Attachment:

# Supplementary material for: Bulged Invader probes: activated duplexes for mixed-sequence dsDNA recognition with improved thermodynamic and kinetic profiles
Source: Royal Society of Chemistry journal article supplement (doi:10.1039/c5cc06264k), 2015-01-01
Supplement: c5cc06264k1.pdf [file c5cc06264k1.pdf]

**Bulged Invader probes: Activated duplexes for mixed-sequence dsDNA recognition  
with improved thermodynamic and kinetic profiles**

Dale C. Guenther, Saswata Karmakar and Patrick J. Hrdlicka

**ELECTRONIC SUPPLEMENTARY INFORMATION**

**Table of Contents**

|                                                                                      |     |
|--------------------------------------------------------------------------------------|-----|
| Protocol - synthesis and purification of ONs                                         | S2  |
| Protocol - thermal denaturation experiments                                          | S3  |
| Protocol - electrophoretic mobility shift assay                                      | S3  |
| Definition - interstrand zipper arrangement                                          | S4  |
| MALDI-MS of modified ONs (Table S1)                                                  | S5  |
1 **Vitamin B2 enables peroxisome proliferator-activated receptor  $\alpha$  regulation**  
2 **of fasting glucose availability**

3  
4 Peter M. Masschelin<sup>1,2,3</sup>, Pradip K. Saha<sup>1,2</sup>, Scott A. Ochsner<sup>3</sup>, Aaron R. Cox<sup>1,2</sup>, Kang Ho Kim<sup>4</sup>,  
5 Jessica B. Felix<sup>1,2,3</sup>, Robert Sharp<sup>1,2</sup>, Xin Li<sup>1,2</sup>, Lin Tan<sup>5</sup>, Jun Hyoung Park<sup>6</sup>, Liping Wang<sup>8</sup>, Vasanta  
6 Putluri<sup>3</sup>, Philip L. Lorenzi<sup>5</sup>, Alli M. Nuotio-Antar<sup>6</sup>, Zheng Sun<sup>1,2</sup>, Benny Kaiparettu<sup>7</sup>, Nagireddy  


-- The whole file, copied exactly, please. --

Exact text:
# Supplementary material for: Bulged Invader probes: activated duplexes for mixed-sequence dsDNA recognition with improved thermodynamic and kinetic profiles
Source: Royal Society of Chemistry journal article supplement (doi:10.1039/c5cc06264k), 2015-01-01
Supplement: c5cc06264k1.pdf [file c5cc06264k1.pdf]

**Bulged Invader probes: Activated duplexes for mixed-sequence dsDNA recognition  
with improved thermodynamic and kinetic profiles**

Dale C. Guenther, Saswata Karmakar and Patrick J. Hrdlicka

**ELECTRONIC SUPPLEMENTARY INFORMATION**

**Table of Contents**

|                                                                                      |     |
|--------------------------------------------------------------------------------------|-----|
| Protocol - synthesis and purification of ONs                                         | S2  |
| Protocol - thermal denaturation experiments                                          | S3  |
| Protocol - electrophoretic mobility shift assay                                      | S3  |
| Definition - interstrand zipper arrangement                                          | S4  |
| MALDI-MS of modified ONs (Table S1)                                                  | S5  |
1 **Vitamin B2 enables peroxisome proliferator-activated receptor  $\alpha$  regulation**  
2 **of fasting glucose availability**

3  
4 Peter M. Masschelin<sup>1,2,3</sup>, Pradip K. Saha<sup>1,2</sup>, Scott A. Ochsner<sup>3</sup>, Aaron R. Cox<sup>1,2</sup>, Kang Ho Kim<sup>4</sup>,  
5 Jessica B. Felix<sup>1,2,3</sup>, Robert Sharp<sup>1,2</sup>, Xin Li<sup>1,2</sup>, Lin Tan<sup>5</sup>, Jun Hyoung Park<sup>6</sup>, Liping Wang<sup>8</sup>, Vasanta  
6 Putluri<sup>3</sup>, Philip L. Lorenzi<sup>5</sup>, Alli M. Nuotio-Antar<sup>6</sup>, Zheng Sun<sup>1,2</sup>, Benny Kaiparettu<sup>7</sup>, Nagireddy  